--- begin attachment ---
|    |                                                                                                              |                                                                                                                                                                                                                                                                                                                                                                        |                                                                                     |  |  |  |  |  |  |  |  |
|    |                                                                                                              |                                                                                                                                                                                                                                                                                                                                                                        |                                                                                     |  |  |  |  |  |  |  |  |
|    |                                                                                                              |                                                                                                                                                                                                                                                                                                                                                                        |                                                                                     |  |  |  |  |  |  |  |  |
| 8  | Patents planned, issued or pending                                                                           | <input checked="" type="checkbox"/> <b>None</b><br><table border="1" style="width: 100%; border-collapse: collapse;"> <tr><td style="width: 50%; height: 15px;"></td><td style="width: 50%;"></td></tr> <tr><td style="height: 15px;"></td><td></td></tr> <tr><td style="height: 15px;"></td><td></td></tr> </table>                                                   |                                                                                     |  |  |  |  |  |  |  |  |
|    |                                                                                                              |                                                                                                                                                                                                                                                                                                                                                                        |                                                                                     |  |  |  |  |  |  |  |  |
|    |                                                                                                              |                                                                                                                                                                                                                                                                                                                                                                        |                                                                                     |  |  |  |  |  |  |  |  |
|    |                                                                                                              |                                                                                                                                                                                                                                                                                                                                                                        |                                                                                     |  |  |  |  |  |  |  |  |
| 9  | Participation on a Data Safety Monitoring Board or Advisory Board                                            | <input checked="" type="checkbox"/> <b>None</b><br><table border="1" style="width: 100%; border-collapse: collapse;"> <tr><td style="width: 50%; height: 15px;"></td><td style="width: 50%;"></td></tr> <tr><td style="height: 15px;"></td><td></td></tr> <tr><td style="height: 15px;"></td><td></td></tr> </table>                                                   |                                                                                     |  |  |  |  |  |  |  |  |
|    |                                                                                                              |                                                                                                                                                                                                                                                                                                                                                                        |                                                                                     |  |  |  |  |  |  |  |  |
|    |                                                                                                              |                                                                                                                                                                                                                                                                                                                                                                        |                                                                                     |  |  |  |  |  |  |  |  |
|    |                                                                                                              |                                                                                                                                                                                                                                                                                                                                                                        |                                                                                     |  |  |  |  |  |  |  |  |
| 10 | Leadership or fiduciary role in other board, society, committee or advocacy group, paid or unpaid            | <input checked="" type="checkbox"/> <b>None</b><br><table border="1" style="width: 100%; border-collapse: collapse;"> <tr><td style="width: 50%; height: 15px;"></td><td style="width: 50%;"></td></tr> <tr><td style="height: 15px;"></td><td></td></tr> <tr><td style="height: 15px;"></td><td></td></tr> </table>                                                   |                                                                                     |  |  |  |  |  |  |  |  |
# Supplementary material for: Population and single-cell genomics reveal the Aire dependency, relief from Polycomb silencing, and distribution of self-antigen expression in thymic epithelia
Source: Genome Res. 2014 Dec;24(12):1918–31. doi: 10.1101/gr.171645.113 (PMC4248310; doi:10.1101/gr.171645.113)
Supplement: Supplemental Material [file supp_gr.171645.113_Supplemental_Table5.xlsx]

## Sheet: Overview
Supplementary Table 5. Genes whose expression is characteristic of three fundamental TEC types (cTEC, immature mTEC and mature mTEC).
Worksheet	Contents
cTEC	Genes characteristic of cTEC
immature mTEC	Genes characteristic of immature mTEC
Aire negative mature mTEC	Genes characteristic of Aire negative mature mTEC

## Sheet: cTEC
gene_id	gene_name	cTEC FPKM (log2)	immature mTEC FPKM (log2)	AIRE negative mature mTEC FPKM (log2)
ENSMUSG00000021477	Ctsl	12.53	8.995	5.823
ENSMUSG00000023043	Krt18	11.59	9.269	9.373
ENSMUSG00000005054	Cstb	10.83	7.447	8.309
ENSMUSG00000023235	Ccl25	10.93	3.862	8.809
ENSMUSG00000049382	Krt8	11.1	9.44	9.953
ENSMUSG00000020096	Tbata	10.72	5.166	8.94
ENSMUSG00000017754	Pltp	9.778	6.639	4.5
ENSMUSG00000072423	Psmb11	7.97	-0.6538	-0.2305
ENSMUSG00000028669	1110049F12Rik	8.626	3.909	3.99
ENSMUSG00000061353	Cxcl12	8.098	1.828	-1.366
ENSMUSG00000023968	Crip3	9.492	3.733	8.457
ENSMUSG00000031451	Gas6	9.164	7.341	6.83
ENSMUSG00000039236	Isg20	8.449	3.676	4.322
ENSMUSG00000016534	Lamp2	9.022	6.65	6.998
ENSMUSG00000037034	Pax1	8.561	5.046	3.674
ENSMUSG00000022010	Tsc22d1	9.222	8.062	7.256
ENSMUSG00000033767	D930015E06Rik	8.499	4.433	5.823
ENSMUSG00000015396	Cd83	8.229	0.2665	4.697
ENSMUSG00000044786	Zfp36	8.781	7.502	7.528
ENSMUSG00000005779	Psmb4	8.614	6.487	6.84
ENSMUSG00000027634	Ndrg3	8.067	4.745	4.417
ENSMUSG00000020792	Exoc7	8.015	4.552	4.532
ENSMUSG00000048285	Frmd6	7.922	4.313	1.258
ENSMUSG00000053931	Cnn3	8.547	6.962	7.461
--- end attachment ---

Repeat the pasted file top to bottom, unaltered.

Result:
|    |                                                                                                              |                                                                                                                                                                                                                                                                                                                                                                        |                                                                                     |  |  |  |  |  |  |  |  |
|    |                                                                                                              |                                                                                                                                                                                                                                                                                                                                                                        |                                                                                     |  |  |  |  |  |  |  |  |
|    |                                                                                                              |                                                                                                                                                                                                                                                                                                                                                                        |                                                                                     |  |  |  |  |  |  |  |  |
| 8  | Patents planned, issued or pending                                                                           | <input checked="" type="checkbox"/> <b>None</b><br><table border="1" style="width: 100%; border-collapse: collapse;"> <tr><td style="width: 50%; height: 15px;"></td><td style="width: 50%;"></td></tr> <tr><td style="height: 15px;"></td><td></td></tr> <tr><td style="height: 15px;"></td><td></td></tr> </table>                                                   |                                                                                     |  |  |  |  |  |  |  |  |
|    |                                                                                                              |                                                                                                                                                                                                                                                                                                                                                                        |                                                                                     |  |  |  |  |  |  |  |  |
|    |                                                                                                              |                                                                                                                                                                                                                                                                                                                                                                        |                                                                                     |  |  |  |  |  |  |  |  |
|    |                                                                                                              |                                                                                                                                                                                                                                                                                                                                                                        |                                                                                     |  |  |  |  |  |  |  |  |
| 9  | Participation on a Data Safety Monitoring Board or Advisory Board                                            | <input checked="" type="checkbox"/> <b>None</b><br><table border="1" style="width: 100%; border-collapse: collapse;"> <tr><td style="width: 50%; height: 15px;"></td><td style="width: 50%;"></td></tr> <tr><td style="height: 15px;"></td><td></td></tr> <tr><td style="height: 15px;"></td><td></td></tr> </table>                                                   |                                                                                     |  |  |  |  |  |  |  |  |
|    |                                                                                                              |                                                                                                                                                                                                                                                                                                                                                                        |                                                                                     |  |  |  |  |  |  |  |  |
|    |                                                                                                              |                                                                                                                                                                                                                                                                                                                                                                        |                                                                                     |  |  |  |  |  |  |  |  |
|    |                                                                                                              |                                                                                                                                                                                                                                                                                                                                                                        |                                                                                     |  |  |  |  |  |  |  |  |
| 10 | Leadership or fiduciary role in other board, society, committee or advocacy group, paid or unpaid            | <input checked="" type="checkbox"/> <b>None</b><br><table border="1" style="width: 100%; border-collapse: collapse;"> <tr><td style="width: 50%; height: 15px;"></td><td style="width: 50%;"></td></tr> <tr><td style="height: 15px;"></td><td></td></tr> <tr><td style="height: 15px;"></td><td></td></tr> </table>                                                   |                                                                                     |  |  |  |  |  |  |  |  |
# Supplementary material for: Population and single-cell genomics reveal the Aire dependency, relief from Polycomb silencing, and distribution of self-antigen expression in thymic epithelia
Source: Genome Res. 2014 Dec;24(12):1918–31. doi: 10.1101/gr.171645.113 (PMC4248310; doi:10.1101/gr.171645.113)
Supplement: Supplemental Material [file supp_gr.171645.113_Supplemental_Table5.xlsx]

## Sheet: Overview
Supplementary Table 5. Genes whose expression is characteristic of three fundamental TEC types (cTEC, immature mTEC and mature mTEC).
Worksheet	Contents
cTEC	Genes characteristic of cTEC
immature mTEC	Genes characteristic of immature mTEC
Aire negative mature mTEC	Genes characteristic of Aire negative mature mTEC

## Sheet: cTEC
gene_id	gene_name	cTEC FPKM (log2)	immature mTEC FPKM (log2)	AIRE negative mature mTEC FPKM (log2)
ENSMUSG00000021477	Ctsl	12.53	8.995	5.823
ENSMUSG00000023043	Krt18	11.59	9.269	9.373
ENSMUSG00000005054	Cstb	10.83	7.447	8.309
ENSMUSG00000023235	Ccl25	10.93	3.862	8.809
ENSMUSG00000049382	Krt8	11.1	9.44	9.953
ENSMUSG00000020096	Tbata	10.72	5.166	8.94
ENSMUSG00000017754	Pltp	9.778	6.639	4.5
ENSMUSG00000072423	Psmb11	7.97	-0.6538	-0.2305
ENSMUSG00000028669	1110049F12Rik	8.626	3.909	3.99
ENSMUSG00000061353	Cxcl12	8.098	1.828	-1.366
ENSMUSG00000023968	Crip3	9.492	3.733	8.457
ENSMUSG00000031451	Gas6	9.164	7.341	6.83
ENSMUSG00000039236	Isg20	8.449	3.676	4.322
ENSMUSG00000016534	Lamp2	9.022	6.65	6.998
ENSMUSG00000037034	Pax1	8.561	5.046	3.674
ENSMUSG00000022010	Tsc22d1	9.222	8.062	7.256
ENSMUSG00000033767	D930015E06Rik	8.499	4.433	5.823
ENSMUSG00000015396	Cd83	8.229	0.2665	4.697
ENSMUSG00000044786	Zfp36	8.781	7.502	7.528
ENSMUSG00000005779	Psmb4	8.614	6.487	6.84
ENSMUSG00000027634	Ndrg3	8.067	4.745	4.417
ENSMUSG00000020792	Exoc7	8.015	4.552	4.532
ENSMUSG00000048285	Frmd6	7.922	4.313	1.258
ENSMUSG00000053931	Cnn3	8.547	6.962	7.461